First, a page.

He splits his time between Dawson and Montreal, where he is represented by Galerie Donald Browne.

For now, he’s in Germany setting up the piece, which will begin its showcase August 19.

“This isn’t just a story of me coming to Europe and showing my artwork,” said Stankievech. “While it’s really great that I’m here and able to show this work, it’s also really neat because in this case, the work is about the Yukon. So it’s not just going to be me at the centre of the festival … as we look at this work, what’s going to be on the forefront is what is its infrastructure and what is this artwork about and what is the story behind this? And the story behind this is the history of the Yukon and the future of the Yukon, both in its past militarization of sovereignty and in the future of its environmental concerns and who owns what land.”

Contact Larissa Robyn Johnston at larissaj@yukon-news.com

Get local stories you won't find anywhere else right to your inbox.
Sign up here

Just Posted

Chief Medical Officer of Health Dr. Brendan Hanley gives a COVID-19 update during a press conference in Whitehorse on May 26. The Yukon government announced two new cases of COVID-19 in the territory with a press release on Oct. 19. (Alistair Maitland Photography)
Two new cases of COVID-19 announced in Yukon

Contact tracing is complete and YG says there is no increased risk to the public

Yukon Energy in Whitehorse on April 8. Yukon Energy faced a potential “critical” fuel shortage in January due to an avalanche blocking a shipping route from Skagway to the Yukon, according to an email obtained by the Yukon Party and questioned in the legislature on Oct. 14. (Crystal Schick/Yukon News file)
Yukon Energy faced ‘critical’ fuel shortage last January due to avalanche

An email obtained by the Yukon Party showed energy officials were concerned

Jeanie McLean (formerly Dendys), the minister responsible for the Women’s Directorate speaks during legislative assembly in Whitehorse on Nov. 27, 2017. “Our government is proud to be supporting Yukon’s grassroots organizations and First Nation governments in this critical work,” said McLean of the $175,000 from the Yukon government awarded to four community-based projects aimed at preventing violence against Indigenous women. (Crystal Schick/Yukon News file)
Yukon government gives $175k to projects aimed at preventing violence against Indigenous women

Four projects were supported via the Prevention of Violence against Aboriginal Women Fund

Yukonomist Keith Halliday
Yukonomist: You don’t know what you’ve got ‘til it’s gone

When I was a kid, CP Air had a monopoly on flights… Continue reading

asdf
EDITORIAL: Don’t let the City of Whitehorse distract you

A little over two weeks after Whitehorse city council voted to give… Continue reading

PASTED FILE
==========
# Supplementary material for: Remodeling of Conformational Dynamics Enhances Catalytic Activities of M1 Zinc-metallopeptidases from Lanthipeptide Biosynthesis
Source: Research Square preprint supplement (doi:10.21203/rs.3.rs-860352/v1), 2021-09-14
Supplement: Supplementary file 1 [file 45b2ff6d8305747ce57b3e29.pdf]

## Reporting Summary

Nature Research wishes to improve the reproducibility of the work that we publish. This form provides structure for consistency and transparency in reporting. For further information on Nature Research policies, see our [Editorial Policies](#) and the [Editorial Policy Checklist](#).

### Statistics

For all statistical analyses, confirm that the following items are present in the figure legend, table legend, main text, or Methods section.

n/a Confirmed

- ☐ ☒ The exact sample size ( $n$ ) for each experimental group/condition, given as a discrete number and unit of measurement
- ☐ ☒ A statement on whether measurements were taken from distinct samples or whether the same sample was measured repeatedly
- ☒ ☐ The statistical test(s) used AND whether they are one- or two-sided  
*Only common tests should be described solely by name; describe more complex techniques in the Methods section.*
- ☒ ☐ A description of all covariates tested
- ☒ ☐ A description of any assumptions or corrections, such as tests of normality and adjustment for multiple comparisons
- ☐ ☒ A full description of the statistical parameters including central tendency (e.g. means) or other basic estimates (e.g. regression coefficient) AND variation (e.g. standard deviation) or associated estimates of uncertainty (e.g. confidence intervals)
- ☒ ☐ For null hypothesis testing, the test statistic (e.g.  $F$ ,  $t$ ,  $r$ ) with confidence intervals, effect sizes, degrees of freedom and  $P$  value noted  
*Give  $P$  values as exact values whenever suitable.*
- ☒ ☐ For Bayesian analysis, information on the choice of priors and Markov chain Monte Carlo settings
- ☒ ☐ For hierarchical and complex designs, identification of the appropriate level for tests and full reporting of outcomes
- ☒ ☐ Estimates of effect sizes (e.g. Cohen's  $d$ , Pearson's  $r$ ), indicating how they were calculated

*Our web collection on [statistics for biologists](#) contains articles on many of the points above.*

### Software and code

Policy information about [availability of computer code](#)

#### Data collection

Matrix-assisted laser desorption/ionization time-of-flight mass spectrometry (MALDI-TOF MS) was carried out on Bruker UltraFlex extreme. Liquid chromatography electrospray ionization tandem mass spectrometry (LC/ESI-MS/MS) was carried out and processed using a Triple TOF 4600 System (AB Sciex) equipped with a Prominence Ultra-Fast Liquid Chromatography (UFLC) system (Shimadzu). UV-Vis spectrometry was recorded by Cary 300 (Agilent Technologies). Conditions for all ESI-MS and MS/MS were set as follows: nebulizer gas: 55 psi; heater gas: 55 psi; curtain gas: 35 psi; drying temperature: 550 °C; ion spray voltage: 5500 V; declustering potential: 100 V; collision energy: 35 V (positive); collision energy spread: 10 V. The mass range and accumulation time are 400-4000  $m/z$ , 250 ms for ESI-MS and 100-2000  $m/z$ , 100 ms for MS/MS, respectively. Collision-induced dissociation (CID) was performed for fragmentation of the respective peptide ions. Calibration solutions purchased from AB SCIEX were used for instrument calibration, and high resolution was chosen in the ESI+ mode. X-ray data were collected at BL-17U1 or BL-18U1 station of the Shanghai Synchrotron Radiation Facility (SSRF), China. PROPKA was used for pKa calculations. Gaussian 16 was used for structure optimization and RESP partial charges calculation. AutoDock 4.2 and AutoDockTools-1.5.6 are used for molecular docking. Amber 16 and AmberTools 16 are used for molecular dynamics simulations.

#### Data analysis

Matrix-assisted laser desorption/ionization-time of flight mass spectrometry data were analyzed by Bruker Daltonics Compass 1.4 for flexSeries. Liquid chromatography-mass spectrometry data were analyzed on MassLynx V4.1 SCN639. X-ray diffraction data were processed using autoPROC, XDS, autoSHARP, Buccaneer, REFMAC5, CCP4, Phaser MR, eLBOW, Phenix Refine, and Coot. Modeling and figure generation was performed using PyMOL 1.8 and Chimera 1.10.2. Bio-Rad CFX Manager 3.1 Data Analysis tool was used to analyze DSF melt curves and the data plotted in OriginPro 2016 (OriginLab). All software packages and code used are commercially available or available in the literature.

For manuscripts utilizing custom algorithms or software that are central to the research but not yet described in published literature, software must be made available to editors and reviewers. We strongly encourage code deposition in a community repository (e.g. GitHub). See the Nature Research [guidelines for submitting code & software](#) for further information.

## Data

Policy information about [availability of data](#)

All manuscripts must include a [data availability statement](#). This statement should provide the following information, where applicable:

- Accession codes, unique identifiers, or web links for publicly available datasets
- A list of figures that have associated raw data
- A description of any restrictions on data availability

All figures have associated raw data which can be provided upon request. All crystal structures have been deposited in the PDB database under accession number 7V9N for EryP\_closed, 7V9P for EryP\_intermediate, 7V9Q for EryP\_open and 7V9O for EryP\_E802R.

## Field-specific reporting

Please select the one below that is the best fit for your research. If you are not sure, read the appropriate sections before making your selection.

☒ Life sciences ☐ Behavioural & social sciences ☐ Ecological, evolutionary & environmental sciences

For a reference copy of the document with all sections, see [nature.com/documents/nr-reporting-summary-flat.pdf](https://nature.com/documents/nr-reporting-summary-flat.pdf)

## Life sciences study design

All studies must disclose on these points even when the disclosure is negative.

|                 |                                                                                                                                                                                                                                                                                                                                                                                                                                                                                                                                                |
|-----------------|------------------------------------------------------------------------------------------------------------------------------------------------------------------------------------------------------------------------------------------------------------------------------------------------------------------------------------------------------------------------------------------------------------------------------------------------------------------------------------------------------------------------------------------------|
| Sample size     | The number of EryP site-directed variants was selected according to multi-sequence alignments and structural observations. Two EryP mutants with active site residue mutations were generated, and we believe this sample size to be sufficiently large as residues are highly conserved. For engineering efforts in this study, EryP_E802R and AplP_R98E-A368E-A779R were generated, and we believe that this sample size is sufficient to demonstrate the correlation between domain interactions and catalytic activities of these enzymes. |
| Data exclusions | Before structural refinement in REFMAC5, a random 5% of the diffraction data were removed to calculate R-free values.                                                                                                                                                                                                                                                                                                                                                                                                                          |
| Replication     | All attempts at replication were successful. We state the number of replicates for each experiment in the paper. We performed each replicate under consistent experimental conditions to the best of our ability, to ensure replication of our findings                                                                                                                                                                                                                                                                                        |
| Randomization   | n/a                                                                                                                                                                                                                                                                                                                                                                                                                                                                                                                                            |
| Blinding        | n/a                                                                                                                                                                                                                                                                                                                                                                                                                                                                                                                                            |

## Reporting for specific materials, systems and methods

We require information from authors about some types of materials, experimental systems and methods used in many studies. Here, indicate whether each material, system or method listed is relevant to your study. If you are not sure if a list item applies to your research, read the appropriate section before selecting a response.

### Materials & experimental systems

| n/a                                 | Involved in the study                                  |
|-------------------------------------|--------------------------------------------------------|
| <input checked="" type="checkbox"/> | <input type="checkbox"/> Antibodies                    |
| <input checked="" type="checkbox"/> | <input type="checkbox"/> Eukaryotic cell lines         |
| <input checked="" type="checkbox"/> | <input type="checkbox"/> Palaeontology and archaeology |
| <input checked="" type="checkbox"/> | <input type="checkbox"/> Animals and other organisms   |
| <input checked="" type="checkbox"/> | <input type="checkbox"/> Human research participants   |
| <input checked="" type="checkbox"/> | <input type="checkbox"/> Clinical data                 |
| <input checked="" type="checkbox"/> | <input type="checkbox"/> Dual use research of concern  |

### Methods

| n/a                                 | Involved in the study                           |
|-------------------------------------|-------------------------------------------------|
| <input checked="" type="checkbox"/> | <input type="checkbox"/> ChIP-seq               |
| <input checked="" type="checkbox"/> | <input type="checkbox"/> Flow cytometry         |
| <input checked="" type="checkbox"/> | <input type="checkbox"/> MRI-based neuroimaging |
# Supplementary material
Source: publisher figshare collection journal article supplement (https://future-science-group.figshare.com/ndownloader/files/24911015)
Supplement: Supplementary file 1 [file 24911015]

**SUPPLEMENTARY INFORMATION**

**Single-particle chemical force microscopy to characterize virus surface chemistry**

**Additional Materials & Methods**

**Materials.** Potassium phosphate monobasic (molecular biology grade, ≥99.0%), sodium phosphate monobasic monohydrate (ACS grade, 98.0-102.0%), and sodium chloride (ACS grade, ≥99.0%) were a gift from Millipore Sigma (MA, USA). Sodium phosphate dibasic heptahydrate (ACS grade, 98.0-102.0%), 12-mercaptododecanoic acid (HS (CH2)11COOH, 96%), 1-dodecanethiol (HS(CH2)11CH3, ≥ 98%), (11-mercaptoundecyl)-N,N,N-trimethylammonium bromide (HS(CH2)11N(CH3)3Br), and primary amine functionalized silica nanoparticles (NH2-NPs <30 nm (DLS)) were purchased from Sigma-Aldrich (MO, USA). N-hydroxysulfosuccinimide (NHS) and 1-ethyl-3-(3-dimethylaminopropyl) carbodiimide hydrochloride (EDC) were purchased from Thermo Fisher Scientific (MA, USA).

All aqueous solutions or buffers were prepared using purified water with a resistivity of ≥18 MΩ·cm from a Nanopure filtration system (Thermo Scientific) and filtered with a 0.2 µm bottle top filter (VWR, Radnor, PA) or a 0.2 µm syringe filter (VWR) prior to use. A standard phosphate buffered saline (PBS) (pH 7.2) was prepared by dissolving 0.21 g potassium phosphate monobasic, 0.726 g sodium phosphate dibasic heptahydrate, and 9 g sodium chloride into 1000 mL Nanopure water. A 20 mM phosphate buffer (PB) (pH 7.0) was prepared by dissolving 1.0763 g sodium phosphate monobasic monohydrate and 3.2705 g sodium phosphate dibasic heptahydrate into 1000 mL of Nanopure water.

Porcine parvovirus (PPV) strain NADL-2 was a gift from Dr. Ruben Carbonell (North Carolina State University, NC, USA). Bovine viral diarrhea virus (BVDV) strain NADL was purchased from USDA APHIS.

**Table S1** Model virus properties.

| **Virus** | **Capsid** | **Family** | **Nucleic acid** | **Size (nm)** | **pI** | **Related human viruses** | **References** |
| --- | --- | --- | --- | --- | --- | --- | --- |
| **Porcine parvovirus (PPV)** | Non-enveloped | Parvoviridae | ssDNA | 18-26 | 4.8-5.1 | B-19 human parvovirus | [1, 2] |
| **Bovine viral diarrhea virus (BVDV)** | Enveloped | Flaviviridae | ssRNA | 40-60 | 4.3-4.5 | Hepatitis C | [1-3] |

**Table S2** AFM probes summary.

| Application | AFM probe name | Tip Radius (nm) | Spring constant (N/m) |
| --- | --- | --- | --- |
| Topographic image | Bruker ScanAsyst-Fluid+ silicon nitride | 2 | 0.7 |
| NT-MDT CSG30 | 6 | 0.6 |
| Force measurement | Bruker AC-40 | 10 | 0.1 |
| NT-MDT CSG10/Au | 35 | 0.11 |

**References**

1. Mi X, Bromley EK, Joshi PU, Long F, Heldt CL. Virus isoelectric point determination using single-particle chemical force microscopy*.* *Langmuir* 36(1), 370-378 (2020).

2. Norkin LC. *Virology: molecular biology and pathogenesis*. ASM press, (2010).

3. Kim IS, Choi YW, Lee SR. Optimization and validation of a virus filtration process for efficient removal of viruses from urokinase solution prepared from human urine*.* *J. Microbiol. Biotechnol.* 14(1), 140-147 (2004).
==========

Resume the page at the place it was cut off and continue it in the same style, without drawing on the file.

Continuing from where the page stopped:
Whitehorse City Hall. (Joel Krahn/Yukon News file)
City hall, briefly

A look at decisions made by Whitehorse city council this week

Northwestel has released the proposed prices for its unlimited plans. Unlimited internet in Whitehorse and Carcross could cost users between $160.95 and $249.95 per month depending on their choice of package. (Yukon News file)
Unlimited internet options outlined

Will require CRTC approval before Northwestel makes them available

Legislative assembly on the last day of the fall sitting in Whitehorse. Yukon’s territorial government will sit for 45 days this sitting instead of 30 days to make up for lost time caused by COVID-19 in the spring. (Crystal Schick/Yukon News file)
Legislative assembly sitting extended

Yukon’s territorial government will sit for 45 days this sitting. The extension… Continue reading

asdf
Today’s mailbox: Mad about MAD

Letters to the editor published Oct. 16, 2020

Alkan Air hangar in Whitehorse. Alkan Air has filed its response to a lawsuit over a 2019 plane crash that killed a Vancouver geologist on board, denying that there was any negligence on its part or the pilot’s. (Crystal Schick/Yukon News file)
Alkan Air responds to lawsuit over 2019 crash denying negligence, liability

Airline filed statement of defence Oct. 7 to lawsuit by spouse of geologist killed in crash

Whitehorse city council members voted Oct. 13 to decline an increase to their base salaries that was set to be made on Jan. 1. (Crystal Schick/Yukon News file)
Council declines increased wages for 2021

Members will not have wages adjusted for CPI

A vehicle is seen along Mount Sima Road in Whitehorse on May 12. At its Oct. 13 meeting, Whitehorse city council approved the third reading for two separate bylaws that will allow the land sale and transfer agreements of city-owned land — a 127-square-metre piece next to 75 Ortona Ave. and 1.02 hectares of property behind three lots on Mount Sima Road. (Crystal Schick/Yukon News file)
Whitehorse properties could soon expand

Land sale agreements approved by council

Most Read